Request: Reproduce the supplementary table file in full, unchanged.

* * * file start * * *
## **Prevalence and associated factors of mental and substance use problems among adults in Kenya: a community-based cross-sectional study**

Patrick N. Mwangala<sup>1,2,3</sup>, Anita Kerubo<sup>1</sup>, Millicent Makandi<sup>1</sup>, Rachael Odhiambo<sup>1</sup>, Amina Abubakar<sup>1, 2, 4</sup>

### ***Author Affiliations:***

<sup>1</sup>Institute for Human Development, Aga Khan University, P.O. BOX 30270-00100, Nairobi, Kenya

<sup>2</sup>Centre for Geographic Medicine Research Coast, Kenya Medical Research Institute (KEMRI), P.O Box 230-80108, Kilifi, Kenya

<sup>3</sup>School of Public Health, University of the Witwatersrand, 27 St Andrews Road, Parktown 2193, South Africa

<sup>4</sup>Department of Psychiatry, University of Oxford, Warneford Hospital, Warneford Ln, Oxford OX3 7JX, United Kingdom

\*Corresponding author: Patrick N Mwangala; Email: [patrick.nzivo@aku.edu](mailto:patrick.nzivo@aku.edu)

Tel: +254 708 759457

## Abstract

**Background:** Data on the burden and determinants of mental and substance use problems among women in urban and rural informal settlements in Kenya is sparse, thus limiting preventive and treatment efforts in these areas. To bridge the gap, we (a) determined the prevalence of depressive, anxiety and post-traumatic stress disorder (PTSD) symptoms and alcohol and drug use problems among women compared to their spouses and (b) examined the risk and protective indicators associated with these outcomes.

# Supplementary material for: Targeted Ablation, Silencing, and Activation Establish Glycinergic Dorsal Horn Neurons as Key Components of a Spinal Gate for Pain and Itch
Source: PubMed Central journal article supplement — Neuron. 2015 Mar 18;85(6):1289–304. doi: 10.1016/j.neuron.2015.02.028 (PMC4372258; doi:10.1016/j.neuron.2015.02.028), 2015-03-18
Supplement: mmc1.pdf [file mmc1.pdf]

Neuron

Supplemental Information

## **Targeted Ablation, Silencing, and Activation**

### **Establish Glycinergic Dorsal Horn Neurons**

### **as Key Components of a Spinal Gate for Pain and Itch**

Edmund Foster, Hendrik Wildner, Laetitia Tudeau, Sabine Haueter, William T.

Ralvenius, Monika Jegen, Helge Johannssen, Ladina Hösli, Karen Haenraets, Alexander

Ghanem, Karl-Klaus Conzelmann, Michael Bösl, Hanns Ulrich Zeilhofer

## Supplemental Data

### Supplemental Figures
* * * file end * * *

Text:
## **Prevalence and associated factors of mental and substance use problems among adults in Kenya: a community-based cross-sectional study**

Patrick N. Mwangala<sup>1,2,3</sup>, Anita Kerubo<sup>1</sup>, Millicent Makandi<sup>1</sup>, Rachael Odhiambo<sup>1</sup>, Amina Abubakar<sup>1, 2, 4</sup>

### ***Author Affiliations:***

<sup>1</sup>Institute for Human Development, Aga Khan University, P.O. BOX 30270-00100, Nairobi, Kenya

<sup>2</sup>Centre for Geographic Medicine Research Coast, Kenya Medical Research Institute (KEMRI), P.O Box 230-80108, Kilifi, Kenya

<sup>3</sup>School of Public Health, University of the Witwatersrand, 27 St Andrews Road, Parktown 2193, South Africa

<sup>4</sup>Department of Psychiatry, University of Oxford, Warneford Hospital, Warneford Ln, Oxford OX3 7JX, United Kingdom

\*Corresponding author: Patrick N Mwangala; Email: [patrick.nzivo@aku.edu](mailto:patrick.nzivo@aku.edu)

Tel: +254 708 759457

## Abstract

**Background:** Data on the burden and determinants of mental and substance use problems among women in urban and rural informal settlements in Kenya is sparse, thus limiting preventive and treatment efforts in these areas. To bridge the gap, we (a) determined the prevalence of depressive, anxiety and post-traumatic stress disorder (PTSD) symptoms and alcohol and drug use problems among women compared to their spouses and (b) examined the risk and protective indicators associated with these outcomes.

# Supplementary material for: Targeted Ablation, Silencing, and Activation Establish Glycinergic Dorsal Horn Neurons as Key Components of a Spinal Gate for Pain and Itch
Source: PubMed Central journal article supplement — Neuron. 2015 Mar 18;85(6):1289–304. doi: 10.1016/j.neuron.2015.02.028 (PMC4372258; doi:10.1016/j.neuron.2015.02.028), 2015-03-18
Supplement: mmc1.pdf [file mmc1.pdf]

Neuron

Supplemental Information

## **Targeted Ablation, Silencing, and Activation**

### **Establish Glycinergic Dorsal Horn Neurons**

### **as Key Components of a Spinal Gate for Pain and Itch**

Edmund Foster, Hendrik Wildner, Laetitia Tudeau, Sabine Haueter, William T.

Ralvenius, Monika Jegen, Helge Johannssen, Ladina Hösli, Karen Haenraets, Alexander

Ghanem, Karl-Klaus Conzelmann, Michael Bösl, Hanns Ulrich Zeilhofer

## Supplemental Data

### Supplemental Figures